A Yorkshire trade union rep’s viewpoint
4 articles from The Socialist
London bombings – Workers maintain class unity
When I read newspaper stories of the arrests in West Yorkshire, I realised that the Dewsbury bomber was the son in law of Farida, a Unison member I visited only three weeks ago.
I knew that she’d be devastated. Farida, a community worker attached to Birkdale High School in Dewsbury, is a well-known and dedicated worker who helped hundreds of young people and their families. She is an extremely popular member of staff and the wider community. I visited her last month because she has been off work with angina for a while.
I rang the school and spoke to the steward. Word had already got out. I explained the need for discipline, things would get tough in the workplace. I also rang the head teacher and offered the union’s help in dealing with any difficulties.
Unison has a very strong membership after our campaigning helped to keep the school open and we have a lot of respect there.
Later, Farida rang me. She was distraught. She knew nothing of her son in law’s plans. Her health was not good; she had been forced to flee her house and her car was impounded. She was terrified of the BNP who live up the road from her. She wanted to clear her name – could the union help?
We offered legal and welfare assistance, but the family and community had already got that organised. She asked me to attend a community meeting that evening to discuss the bombings.
I passed through two police cordons on the way. There are bomb scares every day. The meeting was made up of religious, community, police and political leaders. There were appeals for calm and sympathy.
The local MP said we could not talk of ’causal links’ with Iraq, these were bad people who the Muslim community must actively seek out and report to the police.
If young people come out with inappropriate remarks, their mothers should clip them around the ear! Implicit in this was blaming the Muslim community for the bombings.
At Birkdale School the press are offering money to staff and pupils for stories about Farida. I was proud of the union steward who sent them away. He was concerned about Muslim pupils becoming uptight at the way Farida was dragged into this. There is a real danger of a backlash developing.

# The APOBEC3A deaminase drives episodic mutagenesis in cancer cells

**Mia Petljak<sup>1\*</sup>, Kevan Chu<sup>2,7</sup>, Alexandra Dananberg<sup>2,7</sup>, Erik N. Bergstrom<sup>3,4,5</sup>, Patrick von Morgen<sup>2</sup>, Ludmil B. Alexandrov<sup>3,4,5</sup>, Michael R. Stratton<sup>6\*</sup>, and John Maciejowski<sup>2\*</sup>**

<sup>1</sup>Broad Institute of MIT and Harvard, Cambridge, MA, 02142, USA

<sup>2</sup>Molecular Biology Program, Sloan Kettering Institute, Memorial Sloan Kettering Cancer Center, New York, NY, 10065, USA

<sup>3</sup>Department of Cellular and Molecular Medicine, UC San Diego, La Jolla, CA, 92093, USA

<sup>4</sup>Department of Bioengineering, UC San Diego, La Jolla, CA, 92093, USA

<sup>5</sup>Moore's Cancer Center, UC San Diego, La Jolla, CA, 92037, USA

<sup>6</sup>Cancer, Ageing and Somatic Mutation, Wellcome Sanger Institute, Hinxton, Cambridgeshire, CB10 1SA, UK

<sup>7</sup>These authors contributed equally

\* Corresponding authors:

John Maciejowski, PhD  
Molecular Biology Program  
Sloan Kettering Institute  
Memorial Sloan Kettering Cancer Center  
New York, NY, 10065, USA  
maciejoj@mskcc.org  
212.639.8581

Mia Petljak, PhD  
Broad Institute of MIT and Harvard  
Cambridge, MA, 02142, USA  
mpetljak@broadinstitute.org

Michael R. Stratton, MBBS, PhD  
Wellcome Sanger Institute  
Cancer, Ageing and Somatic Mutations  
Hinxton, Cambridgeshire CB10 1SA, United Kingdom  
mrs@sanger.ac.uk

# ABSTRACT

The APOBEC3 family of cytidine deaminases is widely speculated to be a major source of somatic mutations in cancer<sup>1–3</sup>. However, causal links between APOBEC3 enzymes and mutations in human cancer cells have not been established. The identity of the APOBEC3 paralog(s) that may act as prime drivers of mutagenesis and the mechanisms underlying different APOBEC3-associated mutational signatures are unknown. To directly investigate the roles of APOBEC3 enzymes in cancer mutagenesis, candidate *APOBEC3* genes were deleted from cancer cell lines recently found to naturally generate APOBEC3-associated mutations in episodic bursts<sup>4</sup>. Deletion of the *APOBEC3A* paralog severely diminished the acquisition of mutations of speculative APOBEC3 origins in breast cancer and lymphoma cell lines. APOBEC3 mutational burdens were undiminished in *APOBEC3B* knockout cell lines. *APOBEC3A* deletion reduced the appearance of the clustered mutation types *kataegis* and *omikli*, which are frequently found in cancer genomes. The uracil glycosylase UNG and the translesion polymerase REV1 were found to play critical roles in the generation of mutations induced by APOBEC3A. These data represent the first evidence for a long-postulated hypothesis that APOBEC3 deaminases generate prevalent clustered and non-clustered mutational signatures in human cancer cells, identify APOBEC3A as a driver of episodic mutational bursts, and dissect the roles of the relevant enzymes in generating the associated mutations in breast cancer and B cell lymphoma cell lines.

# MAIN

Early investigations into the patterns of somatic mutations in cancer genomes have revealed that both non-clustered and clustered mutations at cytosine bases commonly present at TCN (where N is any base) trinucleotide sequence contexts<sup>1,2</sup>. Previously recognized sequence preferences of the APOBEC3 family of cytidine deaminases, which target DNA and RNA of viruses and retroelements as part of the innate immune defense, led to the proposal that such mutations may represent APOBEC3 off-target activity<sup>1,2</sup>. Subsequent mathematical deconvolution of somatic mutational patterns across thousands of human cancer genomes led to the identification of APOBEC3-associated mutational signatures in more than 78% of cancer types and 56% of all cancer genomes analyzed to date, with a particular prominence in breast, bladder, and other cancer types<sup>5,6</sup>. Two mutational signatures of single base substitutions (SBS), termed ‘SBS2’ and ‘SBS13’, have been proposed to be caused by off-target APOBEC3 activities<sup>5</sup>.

Then news broke that the fourth bomber is from Huddersfield. He attended the school – Rawthorpe – where I have worked for nine years! He left two years ago. Jermaine was an A star student who converted to the Muslim faith when he was 14.
The press switched their attention to Rawthorpe, offering students money for stories and photos. In this poor, run-down estate there have been plenty of takers.
The staff has had to endure 18 months in ’special measures’ for schools with problems imposed by government inspection unit Ofsted. Unison is fighting to save the jobs of seven support staff who were unfairly dismissed.
They need this problem like a hole in the head.
This is a mixed-race school with a majority of white students. There is a much bigger fear of a backlash from either parents or pupils against the minority Muslim population.
More union meetings are planned to counter any threat of racism. Whilst there is tension in the air, events have not yet sunk in. Most people are in shock or confused.
Our public activity against war and terrorism has been successful. People are not stupid. They see the link between Blair’s war and the terror attacks.
This mood will soon turn to anger. It is vital that this anger is channelled in the right direction. Racist and fascist forces are only too ready to exploit confusion.
The trade union leaders in particular have a big role to play in ensuring class unity prevails. At grass roots level, socialists can play a critical part in ensuring racism does not take hold.
BNP fail to capitalise